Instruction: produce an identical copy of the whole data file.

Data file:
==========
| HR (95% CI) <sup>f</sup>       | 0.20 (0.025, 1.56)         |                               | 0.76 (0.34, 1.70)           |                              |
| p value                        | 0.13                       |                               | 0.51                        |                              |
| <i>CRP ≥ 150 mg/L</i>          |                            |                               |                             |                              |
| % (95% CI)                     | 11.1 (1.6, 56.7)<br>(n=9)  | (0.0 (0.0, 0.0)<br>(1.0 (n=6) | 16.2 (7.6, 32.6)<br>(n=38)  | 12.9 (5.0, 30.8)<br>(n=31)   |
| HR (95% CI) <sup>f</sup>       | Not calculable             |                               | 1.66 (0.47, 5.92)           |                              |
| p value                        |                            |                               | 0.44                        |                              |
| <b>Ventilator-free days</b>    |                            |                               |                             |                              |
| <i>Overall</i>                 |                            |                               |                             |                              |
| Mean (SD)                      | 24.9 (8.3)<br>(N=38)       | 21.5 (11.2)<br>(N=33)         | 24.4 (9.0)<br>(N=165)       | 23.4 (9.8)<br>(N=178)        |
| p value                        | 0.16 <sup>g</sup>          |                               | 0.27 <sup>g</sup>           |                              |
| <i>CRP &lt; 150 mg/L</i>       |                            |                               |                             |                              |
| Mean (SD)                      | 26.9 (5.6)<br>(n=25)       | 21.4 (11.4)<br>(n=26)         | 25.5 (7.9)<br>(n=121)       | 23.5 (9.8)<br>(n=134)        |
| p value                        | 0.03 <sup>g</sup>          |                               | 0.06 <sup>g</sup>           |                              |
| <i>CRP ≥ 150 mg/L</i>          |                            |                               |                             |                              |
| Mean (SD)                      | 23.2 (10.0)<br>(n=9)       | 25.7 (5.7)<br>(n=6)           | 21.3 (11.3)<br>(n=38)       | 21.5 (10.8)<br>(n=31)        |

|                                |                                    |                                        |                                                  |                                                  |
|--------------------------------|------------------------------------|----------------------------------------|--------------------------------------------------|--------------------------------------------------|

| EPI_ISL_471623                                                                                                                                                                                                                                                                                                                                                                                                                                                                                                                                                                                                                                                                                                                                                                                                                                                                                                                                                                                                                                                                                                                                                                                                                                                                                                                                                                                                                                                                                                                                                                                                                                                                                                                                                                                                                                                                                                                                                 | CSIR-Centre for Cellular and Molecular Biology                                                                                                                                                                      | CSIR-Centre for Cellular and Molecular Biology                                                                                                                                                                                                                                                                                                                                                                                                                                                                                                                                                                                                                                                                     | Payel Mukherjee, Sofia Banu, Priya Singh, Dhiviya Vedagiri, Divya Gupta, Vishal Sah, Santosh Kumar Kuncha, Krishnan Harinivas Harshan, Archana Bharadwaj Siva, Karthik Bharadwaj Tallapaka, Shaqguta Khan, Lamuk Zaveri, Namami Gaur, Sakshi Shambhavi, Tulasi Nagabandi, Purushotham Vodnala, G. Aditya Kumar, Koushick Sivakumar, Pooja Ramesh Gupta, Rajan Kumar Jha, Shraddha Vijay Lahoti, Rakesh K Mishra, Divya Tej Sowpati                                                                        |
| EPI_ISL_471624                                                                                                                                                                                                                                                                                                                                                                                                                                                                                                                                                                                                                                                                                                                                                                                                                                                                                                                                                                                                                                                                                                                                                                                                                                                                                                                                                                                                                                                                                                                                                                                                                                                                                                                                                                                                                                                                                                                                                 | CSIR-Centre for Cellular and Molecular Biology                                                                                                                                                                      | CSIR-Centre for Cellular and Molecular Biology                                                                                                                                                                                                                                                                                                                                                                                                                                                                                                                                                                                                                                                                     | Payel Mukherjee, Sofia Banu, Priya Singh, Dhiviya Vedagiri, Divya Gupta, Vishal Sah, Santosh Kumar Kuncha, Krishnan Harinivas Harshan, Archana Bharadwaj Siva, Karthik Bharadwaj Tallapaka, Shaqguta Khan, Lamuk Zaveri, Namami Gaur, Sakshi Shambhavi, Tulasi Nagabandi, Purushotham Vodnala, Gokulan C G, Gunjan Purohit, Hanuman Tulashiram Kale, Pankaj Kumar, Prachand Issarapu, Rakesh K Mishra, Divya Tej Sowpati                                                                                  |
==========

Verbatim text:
| HR (95% CI) <sup>f</sup>       | 0.20 (0.025, 1.56)         |                               | 0.76 (0.34, 1.70)           |                              |
| p value                        | 0.13                       |                               | 0.51                        |                              |
| <i>CRP ≥ 150 mg/L</i>          |                            |                               |                             |                              |
| % (95% CI)                     | 11.1 (1.6, 56.7)<br>(n=9)  | (0.0 (0.0, 0.0)<br>(1.0 (n=6) | 16.2 (7.6, 32.6)<br>(n=38)  | 12.9 (5.0, 30.8)<br>(n=31)   |
| HR (95% CI) <sup>f</sup>       | Not calculable             |                               | 1.66 (0.47, 5.92)           |                              |
| p value                        |                            |                               | 0.44                        |                              |
| <b>Ventilator-free days</b>    |                            |                               |                             |                              |
| <i>Overall</i>                 |                            |                               |                             |                              |
| Mean (SD)                      | 24.9 (8.3)<br>(N=38)       | 21.5 (11.2)<br>(N=33)         | 24.4 (9.0)<br>(N=165)       | 23.4 (9.8)<br>(N=178)        |
| p value                        | 0.16 <sup>g</sup>          |                               | 0.27 <sup>g</sup>           |                              |
| <i>CRP &lt; 150 mg/L</i>       |                            |                               |                             |                              |
| Mean (SD)                      | 26.9 (5.6)<br>(n=25)       | 21.4 (11.4)<br>(n=26)         | 25.5 (7.9)<br>(n=121)       | 23.5 (9.8)<br>(n=134)        |
| p value                        | 0.03 <sup>g</sup>          |                               | 0.06 <sup>g</sup>           |                              |
| <i>CRP ≥ 150 mg/L</i>          |                            |                               |                             |                              |
| Mean (SD)                      | 23.2 (10.0)<br>(n=9)       | 25.7 (5.7)<br>(n=6)           | 21.3 (11.3)<br>(n=38)       | 21.5 (10.8)<br>(n=31)        |

|                                |                                    |                                        |                                                  |                                                  |
|--------------------------------|------------------------------------|----------------------------------------|--------------------------------------------------|--------------------------------------------------|

| EPI_ISL_471623                                                                                                                                                                                                                                                                                                                                                                                                                                                                                                                                                                                                                                                                                                                                                                                                                                                                                                                                                                                                                                                                                                                                                                                                                                                                                                                                                                                                                                                                                                                                                                                                                                                                                                                                                                                                                                                                                                                                                 | CSIR-Centre for Cellular and Molecular Biology                                                                                                                                                                      | CSIR-Centre for Cellular and Molecular Biology                                                                                                                                                                                                                                                                                                                                                                                                                                                                                                                                                                                                                                                                     | Payel Mukherjee, Sofia Banu, Priya Singh, Dhiviya Vedagiri, Divya Gupta, Vishal Sah, Santosh Kumar Kuncha, Krishnan Harinivas Harshan, Archana Bharadwaj Siva, Karthik Bharadwaj Tallapaka, Shaqguta Khan, Lamuk Zaveri, Namami Gaur, Sakshi Shambhavi, Tulasi Nagabandi, Purushotham Vodnala, G. Aditya Kumar, Koushick Sivakumar, Pooja Ramesh Gupta, Rajan Kumar Jha, Shraddha Vijay Lahoti, Rakesh K Mishra, Divya Tej Sowpati                                                                        |
| EPI_ISL_471624                                                                                                                                                                                                                                                                                                                                                                                                                                                                                                                                                                                                                                                                                                                                                                                                                                                                                                                                                                                                                                                                                                                                                                                                                                                                                                                                                                                                                                                                                                                                                                                                                                                                                                                                                                                                                                                                                                                                                 | CSIR-Centre for Cellular and Molecular Biology                                                                                                                                                                      | CSIR-Centre for Cellular and Molecular Biology                                                                                                                                                                                                                                                                                                                                                                                                                                                                                                                                                                                                                                                                     | Payel Mukherjee, Sofia Banu, Priya Singh, Dhiviya Vedagiri, Divya Gupta, Vishal Sah, Santosh Kumar Kuncha, Krishnan Harinivas Harshan, Archana Bharadwaj Siva, Karthik Bharadwaj Tallapaka, Shaqguta Khan, Lamuk Zaveri, Namami Gaur, Sakshi Shambhavi, Tulasi Nagabandi, Purushotham Vodnala, Gokulan C G, Gunjan Purohit, Hanuman Tulashiram Kale, Pankaj Kumar, Prachand Issarapu, Rakesh K Mishra, Divya Tej Sowpati                                                                                  |